Twitter's AI image-crop algo is biased towards people who look younger, skinnier, and whiter, bounty challenge at DEF CON reveals

Oh, it's also more likely to leave people in wheelchairs out of the picture


Updated Twitter’s image-cropping AI algorithm favors people who appear younger, thinner, and have fairer skin as well as those that are able-bodied.

The saliency algorithm is used to automatically crop some pictures posted on the social media platform. It focuses on the most interesting parts of the image to catch people’s attention as they scroll through their Twitter feeds. Last year, netizens discovered the tool preferred photographs of women over men, and those with lighter skin over darker skin.

Engineers at Twitter’s ML Ethics, Transparency and Accountability (META) team, later confirmed these biases. In an attempt to discover other potential flaws in its image cropping algorithm, the group sponsored an algorithmic bias bounty competition hosted at this year’s DEF CON hacking conference in Las Vegas and organised by AI Village, a community of hackers and data scientists working at the intersection of machine learning and security.

The top three results announced this week revealed Twitter’s saliency algorithm preferred people who appeared more conventionally attractive, English over Arabic, and was more likely to crop out people in wheelchairs.

The winner, Bogdan Kulynych, a graduate student at the École polytechnique fédérale de Lausanne in Switzerland, was awarded $3,500. He generated a series of fake faces and tweaked their appearances to test which ones were ranked highest in saliency scores by Twitter’s algorithm.

“The target model is biased towards...depictions of people that appear slim, young, of light or warm skin color and smooth skin texture, and with stereotypically feminine facial traits,” he said.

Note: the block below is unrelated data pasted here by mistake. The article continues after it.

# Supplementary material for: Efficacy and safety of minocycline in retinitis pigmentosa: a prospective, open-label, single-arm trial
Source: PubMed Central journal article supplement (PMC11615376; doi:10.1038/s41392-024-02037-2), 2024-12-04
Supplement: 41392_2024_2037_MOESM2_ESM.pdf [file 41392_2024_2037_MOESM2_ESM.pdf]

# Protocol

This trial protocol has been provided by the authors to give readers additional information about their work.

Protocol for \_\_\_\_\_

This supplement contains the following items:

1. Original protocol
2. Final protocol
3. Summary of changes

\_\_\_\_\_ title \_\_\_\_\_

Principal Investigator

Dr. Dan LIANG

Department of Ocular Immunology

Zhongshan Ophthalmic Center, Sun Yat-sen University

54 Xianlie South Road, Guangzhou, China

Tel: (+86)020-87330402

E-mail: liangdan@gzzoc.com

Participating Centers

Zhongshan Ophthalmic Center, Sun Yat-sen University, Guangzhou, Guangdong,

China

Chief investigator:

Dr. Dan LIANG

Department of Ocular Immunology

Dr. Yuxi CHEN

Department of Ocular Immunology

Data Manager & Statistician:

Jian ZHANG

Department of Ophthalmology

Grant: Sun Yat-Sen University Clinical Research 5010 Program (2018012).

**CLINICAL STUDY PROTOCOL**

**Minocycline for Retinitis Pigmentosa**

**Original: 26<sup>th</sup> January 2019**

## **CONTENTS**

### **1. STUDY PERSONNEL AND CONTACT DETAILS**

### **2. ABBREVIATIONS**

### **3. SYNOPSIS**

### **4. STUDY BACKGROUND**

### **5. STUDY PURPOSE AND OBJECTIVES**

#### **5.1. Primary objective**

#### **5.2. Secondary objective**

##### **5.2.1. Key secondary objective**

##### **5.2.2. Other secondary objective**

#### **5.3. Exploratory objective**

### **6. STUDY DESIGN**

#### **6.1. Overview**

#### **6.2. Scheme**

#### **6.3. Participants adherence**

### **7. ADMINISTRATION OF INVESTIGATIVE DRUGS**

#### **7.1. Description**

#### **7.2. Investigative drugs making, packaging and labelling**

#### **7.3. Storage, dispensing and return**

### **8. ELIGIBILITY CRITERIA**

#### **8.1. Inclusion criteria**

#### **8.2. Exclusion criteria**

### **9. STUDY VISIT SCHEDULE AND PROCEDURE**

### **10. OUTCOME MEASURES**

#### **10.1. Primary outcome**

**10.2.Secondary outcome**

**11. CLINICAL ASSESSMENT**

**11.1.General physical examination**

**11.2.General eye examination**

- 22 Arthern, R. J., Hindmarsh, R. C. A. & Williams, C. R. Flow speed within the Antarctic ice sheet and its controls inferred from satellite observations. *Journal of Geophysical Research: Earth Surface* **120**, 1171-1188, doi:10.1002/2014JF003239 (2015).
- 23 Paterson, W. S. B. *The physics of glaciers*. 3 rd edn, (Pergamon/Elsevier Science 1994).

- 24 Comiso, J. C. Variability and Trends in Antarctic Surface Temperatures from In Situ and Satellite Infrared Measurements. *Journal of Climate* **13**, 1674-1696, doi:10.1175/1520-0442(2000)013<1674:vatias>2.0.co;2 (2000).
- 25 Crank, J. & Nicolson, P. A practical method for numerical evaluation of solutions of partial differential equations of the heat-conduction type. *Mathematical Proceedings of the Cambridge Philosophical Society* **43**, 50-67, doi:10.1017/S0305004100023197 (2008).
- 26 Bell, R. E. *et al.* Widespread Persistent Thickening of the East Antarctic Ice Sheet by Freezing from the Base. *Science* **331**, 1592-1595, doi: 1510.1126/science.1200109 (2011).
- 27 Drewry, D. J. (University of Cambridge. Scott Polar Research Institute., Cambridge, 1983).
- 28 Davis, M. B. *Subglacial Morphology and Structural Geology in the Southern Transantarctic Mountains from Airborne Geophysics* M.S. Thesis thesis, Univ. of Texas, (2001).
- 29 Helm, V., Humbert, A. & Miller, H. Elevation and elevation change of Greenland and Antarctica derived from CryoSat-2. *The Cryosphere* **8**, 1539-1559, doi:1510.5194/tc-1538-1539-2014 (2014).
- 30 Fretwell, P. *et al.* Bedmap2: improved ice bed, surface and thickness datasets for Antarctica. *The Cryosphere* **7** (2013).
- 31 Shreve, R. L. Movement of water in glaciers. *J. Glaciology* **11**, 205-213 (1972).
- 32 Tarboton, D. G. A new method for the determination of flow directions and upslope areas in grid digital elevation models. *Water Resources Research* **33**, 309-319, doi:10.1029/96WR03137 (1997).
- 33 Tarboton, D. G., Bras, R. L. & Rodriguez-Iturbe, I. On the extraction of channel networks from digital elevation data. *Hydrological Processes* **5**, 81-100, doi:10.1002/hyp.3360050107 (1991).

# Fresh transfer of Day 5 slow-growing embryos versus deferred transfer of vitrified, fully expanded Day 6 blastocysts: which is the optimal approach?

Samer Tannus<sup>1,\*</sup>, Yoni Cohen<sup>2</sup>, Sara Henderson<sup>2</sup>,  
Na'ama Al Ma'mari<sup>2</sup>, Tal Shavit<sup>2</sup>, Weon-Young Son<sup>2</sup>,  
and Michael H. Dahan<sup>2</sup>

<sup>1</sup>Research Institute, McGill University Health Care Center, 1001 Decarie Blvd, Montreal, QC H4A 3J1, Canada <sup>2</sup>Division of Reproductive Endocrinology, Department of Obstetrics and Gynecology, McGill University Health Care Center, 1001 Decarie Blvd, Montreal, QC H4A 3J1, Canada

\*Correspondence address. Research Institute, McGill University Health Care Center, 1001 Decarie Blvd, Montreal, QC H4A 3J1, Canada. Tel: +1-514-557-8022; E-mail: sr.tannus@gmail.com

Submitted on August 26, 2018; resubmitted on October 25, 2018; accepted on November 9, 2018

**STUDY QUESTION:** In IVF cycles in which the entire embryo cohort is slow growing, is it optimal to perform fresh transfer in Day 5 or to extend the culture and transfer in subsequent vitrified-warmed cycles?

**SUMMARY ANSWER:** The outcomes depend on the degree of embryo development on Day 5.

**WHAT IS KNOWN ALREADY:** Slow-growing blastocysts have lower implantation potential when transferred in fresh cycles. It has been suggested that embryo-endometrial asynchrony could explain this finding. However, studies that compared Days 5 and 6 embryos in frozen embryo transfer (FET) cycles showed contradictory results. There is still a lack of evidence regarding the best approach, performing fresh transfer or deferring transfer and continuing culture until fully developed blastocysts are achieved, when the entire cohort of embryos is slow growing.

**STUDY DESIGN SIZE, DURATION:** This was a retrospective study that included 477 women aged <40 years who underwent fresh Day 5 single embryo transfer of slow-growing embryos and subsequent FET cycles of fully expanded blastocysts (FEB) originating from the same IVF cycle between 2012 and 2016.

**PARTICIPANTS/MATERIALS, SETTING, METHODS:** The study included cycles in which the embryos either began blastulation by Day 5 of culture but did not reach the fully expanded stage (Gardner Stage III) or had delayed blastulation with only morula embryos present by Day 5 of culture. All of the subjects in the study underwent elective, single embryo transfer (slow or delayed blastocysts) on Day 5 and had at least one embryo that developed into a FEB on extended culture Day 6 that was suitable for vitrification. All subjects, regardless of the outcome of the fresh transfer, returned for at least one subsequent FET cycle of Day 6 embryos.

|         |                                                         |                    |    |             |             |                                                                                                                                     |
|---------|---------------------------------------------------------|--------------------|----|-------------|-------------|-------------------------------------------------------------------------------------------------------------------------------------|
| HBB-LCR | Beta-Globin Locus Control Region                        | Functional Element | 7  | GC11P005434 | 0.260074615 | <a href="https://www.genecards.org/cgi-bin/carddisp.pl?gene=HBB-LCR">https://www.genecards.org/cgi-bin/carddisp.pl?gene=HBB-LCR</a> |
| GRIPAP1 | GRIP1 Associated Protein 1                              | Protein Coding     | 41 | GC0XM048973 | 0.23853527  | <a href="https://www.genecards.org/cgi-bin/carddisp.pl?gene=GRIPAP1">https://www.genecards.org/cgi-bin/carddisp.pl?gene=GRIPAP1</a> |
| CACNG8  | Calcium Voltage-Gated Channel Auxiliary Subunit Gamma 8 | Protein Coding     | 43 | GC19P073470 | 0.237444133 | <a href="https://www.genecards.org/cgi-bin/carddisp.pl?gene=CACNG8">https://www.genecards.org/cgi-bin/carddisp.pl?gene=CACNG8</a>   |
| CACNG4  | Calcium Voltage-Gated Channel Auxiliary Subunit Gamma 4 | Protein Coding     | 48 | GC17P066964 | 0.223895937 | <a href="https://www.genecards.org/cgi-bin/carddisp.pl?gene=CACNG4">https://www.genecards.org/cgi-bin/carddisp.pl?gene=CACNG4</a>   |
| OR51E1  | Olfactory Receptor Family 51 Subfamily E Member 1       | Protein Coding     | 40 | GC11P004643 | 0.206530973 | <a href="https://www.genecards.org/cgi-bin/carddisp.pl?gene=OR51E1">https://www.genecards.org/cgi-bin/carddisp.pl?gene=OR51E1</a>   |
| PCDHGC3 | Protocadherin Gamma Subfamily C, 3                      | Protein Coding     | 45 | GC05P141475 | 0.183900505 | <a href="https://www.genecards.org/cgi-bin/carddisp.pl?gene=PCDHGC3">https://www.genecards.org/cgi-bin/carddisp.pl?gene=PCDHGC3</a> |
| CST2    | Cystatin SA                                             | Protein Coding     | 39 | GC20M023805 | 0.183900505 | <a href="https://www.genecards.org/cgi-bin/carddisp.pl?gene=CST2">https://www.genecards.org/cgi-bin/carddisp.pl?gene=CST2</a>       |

Second place went to Halt AI, a Canadian startup, found the problematic tool had spatial biases and it was more likely to crop out people lower down in photographs sitting in wheelchairs compared to those standing upright. The elderly with white or gray hair was also more likely to be left out in image previews created by the algorithm. Halt AI won $1,000 in funds.

Roya Pakzad, who founded TaraazResearch, a non-profit org focused on technology and human rights, came in third place. She translated texts in memes from English to Arabic and fed them to the saliency algorithm, the software favored the English ones. Twitter favors English-speaking users more likely to be in Western countries over other languages. She was awarded $500.

Twitter said it had stopped using the auto image-cropping tool since March on its mobile app. Rich Harang, a machine-learning researcher volunteering for AI Village, applauded Twitter for sponsoring the challenge. “Twitter has the same problem now that anyone who runs a bug bounty contest runs: how to fix what the participants found,” he told The Register.

“The results have given Twitter several new examples of representational harm that their saliency model caused, but maybe more importantly, the new tools and approaches that the contest participants developed can help Twitter in continuing to look for additional bias issues beyond representational harms. Twitter's next step is to figure out how to take these new tools and mitigate the new harms that have been discovered.”

The Register has contacted Twitter for comment. ®

Updated to add

The Register understands that rather than use the results of the bounty program it sponsored to harden up its image-cropping software, Twitter will instead just stop using the code completely.

The social network has been slowly winding down its use of the software, and images are right now only automatically cropped by the algorithm if they're included in links or if users upload multiple photos at once. Eventually that will be stopped, too.

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